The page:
I now turn to the last three countries. These are India, Japan, and Bahrain. I started with Bahrain. Officially Bahrain’s contribution is “premised on Bahrain’s strong belief in supporting all regional and international efforts to boost security, stability and combating terrorism”according to the Gulf News. One should consider for one that Bahrain is basically a puppet state of the United States and is supported by rich countries like Saudi Arabia. It has already a free trade agreement in place with the United States to privatize much of its economy. Considering the country has very small oil supply, there is a possibility that the country wants to gain bigger oil reserves. I kept looking on zapmeta to find out the answer but I couldn’t really find anything substantial. As a Canadian twitter user noted: “when a…country like Bahrain with multiple financial and political problems donates $10M for…Mali [it]…makes [you]…wonder.”

I still asked myself about India and Japan. I thought India would be a good place to start. Unlike Bahrain or Russia, when it was almost impossible to find information, an article popped up at the beginning of my analysis. It was an article in The Indian Awaaz written in January 2012 which noted that “India is likely to sign a number of agreements with the mineral-rich African country…[which] are likely in trade, investment, cooperation in agriculture, agro-processing, mines and minerals.” The paper even noted that “Mali has deposits of uranium which can cater to the needs of India’s nuclear power plants” and that as “India is eyeing Africa to meet its energy needs[,]…India and Japan have agreed to jointly work for the development of Africa with a view to contain China's ambitions in the continent.” In addition, they noted that “there is no major Indian Company operating in Mali,” there are only many small businesses. The article went on to note that Mali’s only cement factory (at the time of the writing) was being created with help of private Indian company, that another Indian company has “a concession for iron ore mining near Bamako where they intend to start production very soon,” a few Indian companies, distribute food in the country, and there is the possibility to develop the agro-industry in the country. On top of this, the article says that the efforts of Toure, who was deposed and is again president, “contributed to intensification of relations between the two countries.” If you think this article doesn’t have enough it notes that “Mali[’s] government is keen to undertake exploration and exploitation of their mineral resources and has formally offered the rights on lease to the Indian Government or government designated companies [which]…provides Indian companies with ample opportunities.” These statements show that India has a deep interest in Mali as a whole and like China, it sounds like they want to protect their investments. Also it confirms that what The Times of India wrote this month is completely correct: “the French military intervention in Mali…has not prompted the expected negative reaction from New Delhi…because the target this time is al-Qaeda and its affiliated groups in that region, where India, like others, is developing economic interests [in the country].” Another article this month noted Indian officials basically admitting openly that they wanted to stabilize the country and then “strengthen [their]… involvement in various capacity building activities in Mali through setting up of institutions, training of Malian nationals and economic support for infrastructural projects.” Still the investment is no surprise because already in Ethiopia the Indian government is forcing farmers off their land. Such an action would challenge the investments of the Chinese, and as noted earlier, the Japanese are colluding with the Indians to counter expanding Chinese economic trade with the continent. Even the World Food Programme praised Japan at their growing investment in Africa.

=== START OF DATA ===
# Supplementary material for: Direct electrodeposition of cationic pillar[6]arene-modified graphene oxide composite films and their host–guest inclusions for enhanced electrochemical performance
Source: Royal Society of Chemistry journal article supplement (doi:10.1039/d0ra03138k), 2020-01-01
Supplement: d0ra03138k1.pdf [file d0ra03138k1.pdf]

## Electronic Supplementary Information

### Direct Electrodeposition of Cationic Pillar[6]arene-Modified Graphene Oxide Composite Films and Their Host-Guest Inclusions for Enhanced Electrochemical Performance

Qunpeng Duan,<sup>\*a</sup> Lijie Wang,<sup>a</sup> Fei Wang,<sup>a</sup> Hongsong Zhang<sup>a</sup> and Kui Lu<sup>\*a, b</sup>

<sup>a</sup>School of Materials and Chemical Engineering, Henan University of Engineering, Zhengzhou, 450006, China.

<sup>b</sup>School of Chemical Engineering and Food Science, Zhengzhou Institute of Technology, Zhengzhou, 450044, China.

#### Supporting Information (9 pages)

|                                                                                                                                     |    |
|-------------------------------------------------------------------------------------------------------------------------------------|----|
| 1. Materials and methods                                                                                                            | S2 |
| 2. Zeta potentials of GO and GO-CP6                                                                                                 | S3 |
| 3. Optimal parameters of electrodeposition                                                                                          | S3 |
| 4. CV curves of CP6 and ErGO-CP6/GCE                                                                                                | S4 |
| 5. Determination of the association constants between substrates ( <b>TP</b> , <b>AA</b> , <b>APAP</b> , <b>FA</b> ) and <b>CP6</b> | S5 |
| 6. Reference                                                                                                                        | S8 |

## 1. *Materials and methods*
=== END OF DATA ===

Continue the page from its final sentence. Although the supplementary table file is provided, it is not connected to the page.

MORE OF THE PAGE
In summary, Qatar is financing the Islamic militants in North Mali, the US wants to expand their imperialist quest, Canada is in for imperialist reasons mainly revolving around mining investments, Germany which controls the EU is dominated by bankers who will benefit from the war which shows why other European countries would follow along, the UK’s cabinet represents the 1% which ought to have interests in the war, China wants to protect their investments in the country, Russia has unknown economic interests in Mali, Mali is a top investment country for the Swiss, South Africa’s corrupt government is ruling by and for the mining companies, Bahrain is still a mystery, India has investments in the continent especially in Mali which it wants to defend and Japan’s expanding investment in Africa has allowed it to ally with India to stop what it thinks is too much Chinese trading in the continent. In conclusion, I’d like to say that the reasons countries are involved in the war is a complicated one and I know I didn’t include every country (I know there are more international donors) or look at every country adequately, but I tried to shine some light on the countries that haven’t been covered in other articles. 

ABOUT Burkely Hermann
Burkely Hermann is an activist who writes numerous blogs to educate the populace about international, local and national issues. He tries to mimic the idea of Thomas Paine’s Common Sense to appeal to the common people and pushes for nonviolent direct action.